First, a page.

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Ricardo Quiroga

ECUADOR - Transport

A Remarkable Tale

General Manager, Correos del Ecuador E.P.


Ricardo José Quiroga was born in 1964 in Guayaquil. He holds a degree in Industrial Engineering from the Universidad de los Andes of Colombia. He is an expert in IT, logistics, manufacturing, and operations research. He ha driven the development of four successful companies in the logistics sector. Ricardo was a postgraduate teacher abroad and has held various key positions in both the public and private sectors. In the Ministry of Telecommunications he was Vice-Minister of Information Society and Knowledge, where he led the Infocenters Project and the Infocentros’ Strategy 2.0. Currently, he is General Manager of Correos del Ecuador.

"My main objective has been to implement initiatives to decelerate the global decay of postal services."

TBY talks to Ricardo Quiroga, General Manager of Correos del Ecuador E.P., on the turnaround of the firm, Ecuador’s transport infrastructure, and the outlook for the logistics sector.

How has Correos del Ecuador developed over the decades?

Correos del Ecuador had virtually ceased to exist by the end of 2006; we had no turnover and its services were poor. At that time, the company was set to be sold for $16,000. However, we reversed the entire situation, going on to generate income of $42 million in 2013. At the beginning of 2007 Licentiate Roberto Cavanna took over and has been the main driver of our success since then. He managed to earn the trust of all Ecuadorians through a highly secure postal system and nationwide service, which has become one of the best postal services in the entire region. We also have, for example, a CCTV network at all branches and a control center equipped with the latest technology, as well as three software programs to track parcels and packages. We are the most secure Ecuadorian logistics company, and are able to detect narcotics parcels. Last year, Correos del Ecuador faced a tough challenge due to the fact that postal services are in decline by 25% globally—we saw an 8% turnover decrease worldwide in 2014; that influenced us to shift our global strategy, which had essentially been based on public service bills and e-services—electronic messaging and e-commerce. Today, we have a strong focus on packaging and logistics.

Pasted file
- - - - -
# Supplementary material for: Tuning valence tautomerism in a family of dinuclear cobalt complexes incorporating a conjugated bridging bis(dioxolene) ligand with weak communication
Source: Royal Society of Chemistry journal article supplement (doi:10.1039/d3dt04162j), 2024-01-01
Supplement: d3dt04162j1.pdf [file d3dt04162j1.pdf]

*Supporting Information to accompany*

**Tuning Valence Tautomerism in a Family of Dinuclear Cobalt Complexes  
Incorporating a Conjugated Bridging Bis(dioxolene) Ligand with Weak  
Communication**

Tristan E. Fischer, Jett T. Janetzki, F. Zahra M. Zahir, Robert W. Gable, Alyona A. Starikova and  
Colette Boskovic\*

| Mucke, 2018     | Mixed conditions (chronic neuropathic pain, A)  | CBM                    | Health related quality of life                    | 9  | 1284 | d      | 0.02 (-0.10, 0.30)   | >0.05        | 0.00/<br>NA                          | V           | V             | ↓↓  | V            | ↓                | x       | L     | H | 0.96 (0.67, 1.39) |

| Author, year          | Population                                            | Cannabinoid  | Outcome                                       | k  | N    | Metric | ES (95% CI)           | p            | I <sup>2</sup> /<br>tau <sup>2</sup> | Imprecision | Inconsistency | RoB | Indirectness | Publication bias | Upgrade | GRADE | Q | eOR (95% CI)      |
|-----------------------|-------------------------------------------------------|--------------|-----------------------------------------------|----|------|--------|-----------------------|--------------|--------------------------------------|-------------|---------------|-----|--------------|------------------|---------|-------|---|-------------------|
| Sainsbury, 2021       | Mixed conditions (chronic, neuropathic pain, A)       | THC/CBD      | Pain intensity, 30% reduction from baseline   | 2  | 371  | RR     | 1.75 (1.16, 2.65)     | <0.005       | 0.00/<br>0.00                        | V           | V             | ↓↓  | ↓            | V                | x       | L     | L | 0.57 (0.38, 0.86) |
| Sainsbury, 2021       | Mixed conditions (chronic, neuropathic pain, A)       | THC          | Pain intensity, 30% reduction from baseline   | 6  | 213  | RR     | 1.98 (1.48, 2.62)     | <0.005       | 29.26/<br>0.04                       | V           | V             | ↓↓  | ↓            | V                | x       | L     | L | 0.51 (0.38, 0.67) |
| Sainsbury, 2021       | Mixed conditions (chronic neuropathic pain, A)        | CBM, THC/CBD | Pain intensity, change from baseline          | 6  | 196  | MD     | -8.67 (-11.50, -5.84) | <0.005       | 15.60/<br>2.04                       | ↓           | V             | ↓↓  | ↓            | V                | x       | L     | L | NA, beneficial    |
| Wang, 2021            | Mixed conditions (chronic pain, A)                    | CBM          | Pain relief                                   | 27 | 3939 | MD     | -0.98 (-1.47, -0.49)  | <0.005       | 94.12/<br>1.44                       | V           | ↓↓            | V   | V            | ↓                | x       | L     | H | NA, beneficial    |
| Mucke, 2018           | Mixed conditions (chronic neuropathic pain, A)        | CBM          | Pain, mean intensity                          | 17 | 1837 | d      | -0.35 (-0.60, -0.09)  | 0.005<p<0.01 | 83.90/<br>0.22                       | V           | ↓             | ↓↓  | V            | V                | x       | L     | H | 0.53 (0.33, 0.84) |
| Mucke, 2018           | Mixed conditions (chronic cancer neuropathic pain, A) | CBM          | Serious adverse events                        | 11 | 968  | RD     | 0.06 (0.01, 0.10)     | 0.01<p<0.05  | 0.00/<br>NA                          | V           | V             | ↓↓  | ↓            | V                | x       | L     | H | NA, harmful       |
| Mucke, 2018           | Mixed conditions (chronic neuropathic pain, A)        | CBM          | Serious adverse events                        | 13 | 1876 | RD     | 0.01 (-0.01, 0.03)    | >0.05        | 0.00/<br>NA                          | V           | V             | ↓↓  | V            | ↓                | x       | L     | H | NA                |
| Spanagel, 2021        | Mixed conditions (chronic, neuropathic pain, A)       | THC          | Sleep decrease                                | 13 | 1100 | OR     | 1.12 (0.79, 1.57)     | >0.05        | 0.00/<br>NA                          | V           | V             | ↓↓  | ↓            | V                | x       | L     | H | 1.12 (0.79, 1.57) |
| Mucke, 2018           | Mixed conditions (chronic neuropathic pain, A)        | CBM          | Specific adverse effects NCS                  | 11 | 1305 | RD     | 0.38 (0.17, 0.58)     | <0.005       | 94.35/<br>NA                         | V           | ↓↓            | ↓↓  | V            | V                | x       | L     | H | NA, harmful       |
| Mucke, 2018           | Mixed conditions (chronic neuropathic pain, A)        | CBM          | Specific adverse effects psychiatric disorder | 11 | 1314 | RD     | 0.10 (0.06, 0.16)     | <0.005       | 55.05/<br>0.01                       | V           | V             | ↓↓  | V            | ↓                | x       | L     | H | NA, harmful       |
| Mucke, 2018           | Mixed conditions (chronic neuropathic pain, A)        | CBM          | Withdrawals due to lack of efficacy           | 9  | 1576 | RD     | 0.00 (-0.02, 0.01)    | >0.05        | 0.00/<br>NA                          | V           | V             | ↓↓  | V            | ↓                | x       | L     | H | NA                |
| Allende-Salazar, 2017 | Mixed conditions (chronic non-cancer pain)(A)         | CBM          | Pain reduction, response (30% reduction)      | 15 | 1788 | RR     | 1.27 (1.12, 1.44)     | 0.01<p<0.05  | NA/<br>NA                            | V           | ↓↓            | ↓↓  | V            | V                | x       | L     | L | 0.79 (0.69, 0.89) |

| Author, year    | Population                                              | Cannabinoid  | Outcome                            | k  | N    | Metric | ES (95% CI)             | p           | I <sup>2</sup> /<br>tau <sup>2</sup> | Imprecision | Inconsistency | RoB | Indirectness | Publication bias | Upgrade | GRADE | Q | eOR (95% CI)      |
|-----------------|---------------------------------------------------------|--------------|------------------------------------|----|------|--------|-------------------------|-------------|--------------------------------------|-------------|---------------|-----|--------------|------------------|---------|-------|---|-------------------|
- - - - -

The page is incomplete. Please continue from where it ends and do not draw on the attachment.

What have been the company’s main projects and objectives over the past two years?